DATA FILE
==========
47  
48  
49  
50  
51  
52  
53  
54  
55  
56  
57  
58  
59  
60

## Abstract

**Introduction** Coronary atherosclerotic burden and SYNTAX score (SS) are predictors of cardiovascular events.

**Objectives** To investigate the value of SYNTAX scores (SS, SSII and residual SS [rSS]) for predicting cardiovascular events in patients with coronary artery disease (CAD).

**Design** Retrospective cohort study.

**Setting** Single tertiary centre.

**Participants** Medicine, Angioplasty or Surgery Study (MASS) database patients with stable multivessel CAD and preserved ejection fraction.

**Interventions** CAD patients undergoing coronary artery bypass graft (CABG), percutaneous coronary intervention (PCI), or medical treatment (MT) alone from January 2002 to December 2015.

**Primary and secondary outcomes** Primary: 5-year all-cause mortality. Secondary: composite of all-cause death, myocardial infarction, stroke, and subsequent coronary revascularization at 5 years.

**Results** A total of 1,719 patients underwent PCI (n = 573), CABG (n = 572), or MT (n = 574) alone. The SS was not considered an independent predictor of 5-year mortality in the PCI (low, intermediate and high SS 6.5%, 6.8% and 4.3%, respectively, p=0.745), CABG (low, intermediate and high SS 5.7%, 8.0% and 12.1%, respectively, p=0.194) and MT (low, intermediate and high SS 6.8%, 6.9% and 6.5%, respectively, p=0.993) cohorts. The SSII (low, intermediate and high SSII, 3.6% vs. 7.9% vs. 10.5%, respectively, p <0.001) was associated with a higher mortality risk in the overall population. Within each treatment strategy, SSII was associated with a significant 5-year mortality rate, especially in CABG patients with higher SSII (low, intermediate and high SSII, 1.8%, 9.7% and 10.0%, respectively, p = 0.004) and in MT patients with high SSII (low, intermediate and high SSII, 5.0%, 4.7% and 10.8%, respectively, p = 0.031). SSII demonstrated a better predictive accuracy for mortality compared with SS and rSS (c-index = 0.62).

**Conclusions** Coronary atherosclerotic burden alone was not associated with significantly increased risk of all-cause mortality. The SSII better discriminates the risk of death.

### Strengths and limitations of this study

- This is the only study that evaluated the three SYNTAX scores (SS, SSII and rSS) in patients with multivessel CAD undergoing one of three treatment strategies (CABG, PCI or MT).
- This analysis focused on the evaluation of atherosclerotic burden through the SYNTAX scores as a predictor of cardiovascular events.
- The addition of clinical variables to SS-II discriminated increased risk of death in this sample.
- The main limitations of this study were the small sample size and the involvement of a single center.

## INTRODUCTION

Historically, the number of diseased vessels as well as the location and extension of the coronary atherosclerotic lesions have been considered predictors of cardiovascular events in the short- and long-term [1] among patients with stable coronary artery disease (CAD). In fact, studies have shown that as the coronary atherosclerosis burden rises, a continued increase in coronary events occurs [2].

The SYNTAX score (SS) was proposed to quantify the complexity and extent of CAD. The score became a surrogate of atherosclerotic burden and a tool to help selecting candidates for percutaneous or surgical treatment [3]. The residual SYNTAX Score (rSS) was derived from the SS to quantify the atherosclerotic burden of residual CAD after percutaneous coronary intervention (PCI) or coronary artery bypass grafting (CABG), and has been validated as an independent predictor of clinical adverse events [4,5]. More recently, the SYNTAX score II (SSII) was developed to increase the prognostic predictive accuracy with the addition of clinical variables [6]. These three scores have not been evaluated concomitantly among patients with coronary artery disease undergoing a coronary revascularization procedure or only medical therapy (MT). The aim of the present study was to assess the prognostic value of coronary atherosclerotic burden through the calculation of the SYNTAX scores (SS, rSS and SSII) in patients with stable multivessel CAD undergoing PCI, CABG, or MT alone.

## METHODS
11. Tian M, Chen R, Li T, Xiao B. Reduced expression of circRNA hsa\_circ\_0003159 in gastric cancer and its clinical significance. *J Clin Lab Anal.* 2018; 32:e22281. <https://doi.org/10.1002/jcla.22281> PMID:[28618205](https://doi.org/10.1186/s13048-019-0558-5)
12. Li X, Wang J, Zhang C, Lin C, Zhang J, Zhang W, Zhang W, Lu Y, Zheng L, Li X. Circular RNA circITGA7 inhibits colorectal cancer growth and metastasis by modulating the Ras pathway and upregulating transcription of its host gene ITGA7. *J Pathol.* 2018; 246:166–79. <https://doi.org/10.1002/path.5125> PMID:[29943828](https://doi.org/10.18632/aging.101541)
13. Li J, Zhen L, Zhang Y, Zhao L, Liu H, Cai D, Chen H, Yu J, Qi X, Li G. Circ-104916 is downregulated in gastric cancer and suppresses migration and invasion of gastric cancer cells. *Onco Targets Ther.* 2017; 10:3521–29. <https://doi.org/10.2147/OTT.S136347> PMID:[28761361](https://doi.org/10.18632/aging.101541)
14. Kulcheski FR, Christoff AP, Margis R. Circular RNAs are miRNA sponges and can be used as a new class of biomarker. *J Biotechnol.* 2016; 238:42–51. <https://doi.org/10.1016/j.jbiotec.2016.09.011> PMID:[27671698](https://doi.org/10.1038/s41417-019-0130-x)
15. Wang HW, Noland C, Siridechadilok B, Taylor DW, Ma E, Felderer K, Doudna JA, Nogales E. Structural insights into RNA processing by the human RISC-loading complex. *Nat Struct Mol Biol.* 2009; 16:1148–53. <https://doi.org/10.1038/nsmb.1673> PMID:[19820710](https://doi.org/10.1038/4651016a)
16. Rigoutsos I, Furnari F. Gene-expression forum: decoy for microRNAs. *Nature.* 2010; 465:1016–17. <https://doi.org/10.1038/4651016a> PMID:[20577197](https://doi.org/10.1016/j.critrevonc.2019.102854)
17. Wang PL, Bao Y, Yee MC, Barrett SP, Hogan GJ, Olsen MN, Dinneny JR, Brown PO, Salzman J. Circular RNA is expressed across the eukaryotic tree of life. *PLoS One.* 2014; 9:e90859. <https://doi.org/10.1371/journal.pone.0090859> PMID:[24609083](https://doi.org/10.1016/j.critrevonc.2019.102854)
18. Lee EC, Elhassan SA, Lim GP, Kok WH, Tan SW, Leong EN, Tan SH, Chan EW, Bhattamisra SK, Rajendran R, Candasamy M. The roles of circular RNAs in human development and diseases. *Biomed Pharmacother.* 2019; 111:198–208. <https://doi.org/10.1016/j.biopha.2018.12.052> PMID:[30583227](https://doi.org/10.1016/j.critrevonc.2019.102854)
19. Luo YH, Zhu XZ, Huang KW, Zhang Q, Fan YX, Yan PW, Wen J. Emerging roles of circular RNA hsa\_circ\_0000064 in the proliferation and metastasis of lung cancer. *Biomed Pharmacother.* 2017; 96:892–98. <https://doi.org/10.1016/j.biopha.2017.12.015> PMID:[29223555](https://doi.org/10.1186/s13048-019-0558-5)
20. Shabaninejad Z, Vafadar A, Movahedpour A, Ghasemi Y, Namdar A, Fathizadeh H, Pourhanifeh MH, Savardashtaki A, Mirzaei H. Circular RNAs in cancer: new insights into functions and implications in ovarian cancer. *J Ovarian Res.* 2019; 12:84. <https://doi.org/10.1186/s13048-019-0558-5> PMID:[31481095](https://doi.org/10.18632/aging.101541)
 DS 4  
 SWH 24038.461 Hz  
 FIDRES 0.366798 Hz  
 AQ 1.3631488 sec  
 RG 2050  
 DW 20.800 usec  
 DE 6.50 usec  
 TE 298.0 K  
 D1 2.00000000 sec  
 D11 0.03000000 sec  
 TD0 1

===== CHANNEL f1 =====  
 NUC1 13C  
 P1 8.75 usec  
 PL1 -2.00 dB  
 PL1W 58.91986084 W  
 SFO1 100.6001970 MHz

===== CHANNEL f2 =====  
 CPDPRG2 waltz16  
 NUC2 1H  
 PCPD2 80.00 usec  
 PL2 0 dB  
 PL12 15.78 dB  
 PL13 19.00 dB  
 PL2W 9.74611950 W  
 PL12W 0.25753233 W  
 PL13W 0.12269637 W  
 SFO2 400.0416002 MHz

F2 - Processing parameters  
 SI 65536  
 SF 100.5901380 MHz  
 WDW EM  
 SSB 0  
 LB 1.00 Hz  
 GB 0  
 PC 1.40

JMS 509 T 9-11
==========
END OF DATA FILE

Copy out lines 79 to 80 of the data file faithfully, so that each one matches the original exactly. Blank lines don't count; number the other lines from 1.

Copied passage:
 PC 1.40

JMS 509 T 9-11